The Renaissance was indeed a proud moment in history. It was a time of the revitalization of antiquity, breakthrough scientific discoveries, and profound, inspirational artwork. The desire and urge to establish stronger connections with the classical past brought about the search and discovery of many ancient manuscripts and artworks. One of the most celebrated discoveries occurred during the height of the Renaissance: The Laocoon. Perhaps one of the world’s most famous Hellenistic sculptures, it was originally located in the palace of Titus. It was then lost for over a thousand years before its rediscovery in 1506. Pope Julius II immediately acquired it, and displayed it in the Vatican Museums. The renowned discovery of one of the few Hellenistic sculptures had a profound impact on history. Its significance is unparallel to any other piece of art. In this paper, I will discuss the significance of the Laocoon: its celebrated discovery, its ability to raise debate even in the modern times, and lastly, its influence on Renaissance artists. The Laocoon group is a large, white, marble sculpture. Measuring 242cm in height, it is virtually life size. It was discovered in 1506, and is currently located in the Vatican Museums. Portrayed is the death of Laocoon (the high priest of Troy) and his two sons. The sculpture is viewed only from the front, and has a very central balance; Laocoon is in the center and is flanked by his two sons. The three figures are integrated together by a coiling and writhing sea serpent locking its victims in a death grip. The serpent’s head is visibly shown with its jaws open, ready to strike again into Laoocon’s lower left torso. The overall piece shows an acute attention to detail: the muscular torsos are twisted and strained, the muscles are swelling from the serpent’s bites, and the veins are throbbing with venom.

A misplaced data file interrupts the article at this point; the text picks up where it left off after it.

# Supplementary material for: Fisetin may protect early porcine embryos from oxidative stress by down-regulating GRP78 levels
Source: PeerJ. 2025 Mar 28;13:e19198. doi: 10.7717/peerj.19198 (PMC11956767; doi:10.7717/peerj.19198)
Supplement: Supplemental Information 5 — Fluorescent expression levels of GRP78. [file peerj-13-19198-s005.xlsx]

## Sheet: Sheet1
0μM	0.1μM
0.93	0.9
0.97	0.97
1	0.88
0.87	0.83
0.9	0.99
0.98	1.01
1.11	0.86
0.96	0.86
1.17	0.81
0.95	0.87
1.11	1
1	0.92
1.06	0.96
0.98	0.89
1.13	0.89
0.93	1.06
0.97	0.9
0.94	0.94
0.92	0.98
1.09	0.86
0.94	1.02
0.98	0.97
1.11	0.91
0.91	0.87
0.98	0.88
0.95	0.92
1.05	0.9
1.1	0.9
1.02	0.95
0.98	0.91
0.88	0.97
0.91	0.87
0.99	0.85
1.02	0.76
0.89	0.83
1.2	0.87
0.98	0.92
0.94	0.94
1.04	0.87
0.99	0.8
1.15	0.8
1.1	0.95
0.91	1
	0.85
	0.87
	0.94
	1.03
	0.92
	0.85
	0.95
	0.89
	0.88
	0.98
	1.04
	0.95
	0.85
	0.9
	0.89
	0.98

The facial features in the Laocoon Group illustrate an emotional narrative to the viewer. Laocoon’s twisted torso and unnatural position immediately illustrates extreme discomfort and pain. His neck is slightly bent, and his face is full of sorrow, pain, and suffering. His eyebrows are drooping, and a low moan escapes his slightly open mouth. Though he is full of pain, this is a not a man full or rage or anger. Rather, Laocoon realizes his imminent death, and is pleading to the Gods for mercy and help. His two sons both look up towards their father, anxiously seeking aid or signs of reassurance, but only to find him in a state of deep agony. This in turn reveals their reactions, their faces full of despair and trepidation. Laocoon himself is portrayed in a Herculean fashion. He is extremely muscular, his biceps and abdominals are clearly defined, while his pectorals and quadrupeds are sturdy and hefty. He is seated on some robes on what appears to be the base of a column in a contrapossto position. His right leg is bent in a 90 degrees angle and slightly forward, while his left leg is extended outwards. Laocoon’s left arm is grabbing onto the serpent, while his right arm is bent behind his head. When the statue was discovered, the right arm originally missing. Pope Julius II held a contest among sculptors, which was judged by Raphael, to determine the shape and position of the replacement arm. Though Michelangelo did not participate, he suggested that the right arm was originally bent back behind Laocoon’s shoulder. The winning design depicted the right arm in an outstretched position, and was attached to the sculpture. However, in 1957, the original right arm was found in Rome, and was in the position originally suggested by Michelangelo. The original arm is now rejoined to the statue.
The iconography and narrative of this sculpture comes straight out of a scene from Virgil’s Aeneid. According to Greek mythology, the Trojan War occurred around 1200 BC between the Greeks and the Trojans. The war dragged on for nine years, and while the Greeks ravaged the towns around Troy, they were...
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